The Circuit Court explained that appeal turned on a provision in CAFA that “bars appellate review of orders remanding securities class actions to state court.” Greenwich Financial, at *1. By way of background, the defendants originate and service residential home loans. Id. Defendant Countrywide Home Loans raised money to finance the loans by selling mortgages in securitization transactions “to specially created trusts, which received payment of interest and principal from mortgage borrowers.” Id. The trusts then “sold certificates to investors,” which entitled the owners to repayment of their principal and to interest payments, id. Defendant Countrywide Servicing administered the loans under Pooling and Servicing Agreements (PSAs). Id. Defendants Countrywide Home Loans and Countrywide Servicing, together with various other entities, were parties to the PSAs; however, the holders of the certificates and Defendant Countrywide Financial were not. Id. According to the allegations underlying the class action, in 2008, the attorneys general of seven states filed lawsuits against various Countrywide entities alleging predatory lending; specifically, “The states alleged that Countrywide engaged in deceptive sales practices, charged unlawful fees, and made loans it had no reasonable basis to think could be repaid.” Id., at *2. Countrywide eventually entered into a single settlement agreement resolving the multi-state litigation, which required Countrywide “to modify the terms of many of the mortgages owned by the trusts and administered by Countrywide Servicing on behalf of the trusts.” Id. Under the terms of the settlement, some homeowners “would make smaller payments of interest and principal to the trusts, thereby decreasing the value of the certificates.” Id.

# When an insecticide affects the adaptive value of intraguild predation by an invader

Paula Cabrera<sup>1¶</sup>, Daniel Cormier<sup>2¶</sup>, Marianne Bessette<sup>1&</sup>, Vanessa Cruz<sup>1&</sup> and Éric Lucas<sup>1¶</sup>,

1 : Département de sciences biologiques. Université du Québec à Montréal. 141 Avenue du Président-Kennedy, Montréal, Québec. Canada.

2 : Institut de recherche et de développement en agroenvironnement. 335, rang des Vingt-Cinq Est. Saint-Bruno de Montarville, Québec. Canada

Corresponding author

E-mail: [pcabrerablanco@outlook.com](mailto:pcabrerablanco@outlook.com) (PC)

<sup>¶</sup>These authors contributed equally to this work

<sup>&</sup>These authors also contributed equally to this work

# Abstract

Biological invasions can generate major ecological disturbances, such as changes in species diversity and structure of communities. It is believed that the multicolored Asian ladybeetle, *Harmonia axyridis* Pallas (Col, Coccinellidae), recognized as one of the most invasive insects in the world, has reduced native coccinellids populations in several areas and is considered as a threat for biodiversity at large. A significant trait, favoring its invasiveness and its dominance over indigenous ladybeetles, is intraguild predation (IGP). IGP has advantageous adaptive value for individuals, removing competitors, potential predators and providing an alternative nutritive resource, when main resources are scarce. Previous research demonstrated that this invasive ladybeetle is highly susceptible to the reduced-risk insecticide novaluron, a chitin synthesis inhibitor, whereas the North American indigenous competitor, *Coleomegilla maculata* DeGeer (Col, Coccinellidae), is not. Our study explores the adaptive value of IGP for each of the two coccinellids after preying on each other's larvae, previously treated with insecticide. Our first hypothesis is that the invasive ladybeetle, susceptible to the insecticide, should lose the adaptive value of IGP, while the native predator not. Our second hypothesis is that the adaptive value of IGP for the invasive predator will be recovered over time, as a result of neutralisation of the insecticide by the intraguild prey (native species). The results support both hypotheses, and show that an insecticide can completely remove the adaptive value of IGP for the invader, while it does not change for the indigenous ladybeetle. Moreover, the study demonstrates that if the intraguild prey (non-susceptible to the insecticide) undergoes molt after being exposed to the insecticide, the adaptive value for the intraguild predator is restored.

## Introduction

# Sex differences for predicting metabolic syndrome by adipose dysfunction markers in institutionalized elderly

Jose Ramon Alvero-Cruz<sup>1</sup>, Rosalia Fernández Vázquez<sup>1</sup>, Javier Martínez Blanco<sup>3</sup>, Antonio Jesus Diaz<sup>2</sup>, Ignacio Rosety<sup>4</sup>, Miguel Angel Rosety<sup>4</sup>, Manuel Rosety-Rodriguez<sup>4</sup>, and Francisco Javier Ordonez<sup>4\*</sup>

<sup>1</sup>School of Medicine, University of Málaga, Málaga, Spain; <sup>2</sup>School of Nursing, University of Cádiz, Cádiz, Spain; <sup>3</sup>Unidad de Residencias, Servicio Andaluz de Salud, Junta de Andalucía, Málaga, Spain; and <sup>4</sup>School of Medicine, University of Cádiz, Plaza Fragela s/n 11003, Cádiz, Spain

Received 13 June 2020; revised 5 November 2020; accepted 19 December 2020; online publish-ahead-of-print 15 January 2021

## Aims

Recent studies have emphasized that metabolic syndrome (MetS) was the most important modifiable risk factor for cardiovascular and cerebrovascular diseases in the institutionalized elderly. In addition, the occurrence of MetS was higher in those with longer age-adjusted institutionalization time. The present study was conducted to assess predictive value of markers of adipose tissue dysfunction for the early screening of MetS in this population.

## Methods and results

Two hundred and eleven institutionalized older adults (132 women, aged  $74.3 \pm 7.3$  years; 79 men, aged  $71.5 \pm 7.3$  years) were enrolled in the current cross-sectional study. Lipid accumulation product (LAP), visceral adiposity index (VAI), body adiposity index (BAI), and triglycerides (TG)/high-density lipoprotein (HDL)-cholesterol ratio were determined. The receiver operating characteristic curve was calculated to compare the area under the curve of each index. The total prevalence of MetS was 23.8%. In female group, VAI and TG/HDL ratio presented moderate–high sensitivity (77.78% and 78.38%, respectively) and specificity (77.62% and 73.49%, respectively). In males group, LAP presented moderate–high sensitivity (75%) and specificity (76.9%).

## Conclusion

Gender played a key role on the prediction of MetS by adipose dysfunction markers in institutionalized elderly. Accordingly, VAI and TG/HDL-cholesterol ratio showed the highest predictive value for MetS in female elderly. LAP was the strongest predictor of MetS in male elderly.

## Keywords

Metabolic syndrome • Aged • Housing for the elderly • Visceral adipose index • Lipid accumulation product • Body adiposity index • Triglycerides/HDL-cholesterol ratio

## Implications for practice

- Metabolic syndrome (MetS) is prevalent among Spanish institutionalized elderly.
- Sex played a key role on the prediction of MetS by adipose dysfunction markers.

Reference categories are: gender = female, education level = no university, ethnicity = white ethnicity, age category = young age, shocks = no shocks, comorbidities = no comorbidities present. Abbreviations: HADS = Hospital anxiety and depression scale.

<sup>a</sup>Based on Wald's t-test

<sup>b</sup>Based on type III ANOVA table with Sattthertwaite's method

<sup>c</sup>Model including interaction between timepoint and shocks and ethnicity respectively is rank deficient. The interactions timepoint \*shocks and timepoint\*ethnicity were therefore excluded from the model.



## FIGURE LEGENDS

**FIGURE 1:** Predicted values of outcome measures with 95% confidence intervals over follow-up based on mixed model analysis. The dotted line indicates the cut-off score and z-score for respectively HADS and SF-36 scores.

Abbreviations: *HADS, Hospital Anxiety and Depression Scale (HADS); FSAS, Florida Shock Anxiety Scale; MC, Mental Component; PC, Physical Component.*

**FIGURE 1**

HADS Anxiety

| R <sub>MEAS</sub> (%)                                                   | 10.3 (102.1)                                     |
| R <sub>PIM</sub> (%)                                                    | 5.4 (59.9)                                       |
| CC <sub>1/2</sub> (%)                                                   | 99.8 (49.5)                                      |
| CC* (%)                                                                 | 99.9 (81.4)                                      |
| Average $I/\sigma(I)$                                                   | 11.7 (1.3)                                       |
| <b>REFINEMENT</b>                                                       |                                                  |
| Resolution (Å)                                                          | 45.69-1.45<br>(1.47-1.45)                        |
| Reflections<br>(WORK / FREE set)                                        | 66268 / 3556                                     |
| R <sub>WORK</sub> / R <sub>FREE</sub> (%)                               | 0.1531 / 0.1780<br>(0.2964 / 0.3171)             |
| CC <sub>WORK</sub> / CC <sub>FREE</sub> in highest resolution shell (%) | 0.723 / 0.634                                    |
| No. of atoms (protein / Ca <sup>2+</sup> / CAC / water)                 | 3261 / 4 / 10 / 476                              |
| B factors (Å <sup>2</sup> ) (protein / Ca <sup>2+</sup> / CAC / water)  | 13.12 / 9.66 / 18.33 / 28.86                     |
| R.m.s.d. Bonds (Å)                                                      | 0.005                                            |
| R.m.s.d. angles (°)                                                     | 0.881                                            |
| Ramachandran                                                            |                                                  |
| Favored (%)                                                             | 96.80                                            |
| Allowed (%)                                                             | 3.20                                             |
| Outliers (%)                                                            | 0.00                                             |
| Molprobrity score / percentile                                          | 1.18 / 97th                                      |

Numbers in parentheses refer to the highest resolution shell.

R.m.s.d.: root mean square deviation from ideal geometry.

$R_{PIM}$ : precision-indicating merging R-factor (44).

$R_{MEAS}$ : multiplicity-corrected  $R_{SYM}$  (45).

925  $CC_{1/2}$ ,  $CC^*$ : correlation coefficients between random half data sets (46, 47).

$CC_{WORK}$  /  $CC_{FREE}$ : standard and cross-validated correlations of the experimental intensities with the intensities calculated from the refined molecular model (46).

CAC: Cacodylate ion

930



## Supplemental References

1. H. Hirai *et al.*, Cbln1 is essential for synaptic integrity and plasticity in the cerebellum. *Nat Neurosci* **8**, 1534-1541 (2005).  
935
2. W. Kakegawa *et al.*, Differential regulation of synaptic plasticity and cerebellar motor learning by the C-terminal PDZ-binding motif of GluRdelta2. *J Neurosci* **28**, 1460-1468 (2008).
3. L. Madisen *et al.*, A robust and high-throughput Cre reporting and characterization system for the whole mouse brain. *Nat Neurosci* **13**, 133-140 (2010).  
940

Turning to the merits, the Second Circuit explained that CAFA extended federal court jurisdiction over certain class actions, and also “expanded the jurisdiction of the courts of appeals to hear appeals of orders remanding class actions to state courts.” Greenwich Financial, at *3 (citing 28 U.S.C. 1453(c) and Coll. of Dental Surgeons of P.R. v. Conn. Gen. Life Ins. Co., 585 F.3d 33, 37-38 (1st Cir. 2009)) However, the Circuit Court noted that CAFA “sets forth three circumstances under which appellate review of such orders is barred,” including Section 1453(d)(3), which excepts from appellate review remand orders of “a claim that relates to the rights, duties (including fiduciary duties), and obligations relating to or created by or pursuant to any security (as defined under section 2(a)(1) of the Securities Act of 1933 (15 U.S.C. 77b(a)(1)) and the regulations issued thereunder).” Id. This exception uses “identical to the third of three exceptions to CAFA’s grant of original federal diversity jurisdiction at 28 U.S.C. § 1332(d)(9)(C)”; accordingly, “if the district court lacked CAFA jurisdiction over the class action because it falls within the exception, we similarly lack jurisdiction to review the order remanding the action and must dismiss the appeal.” Id.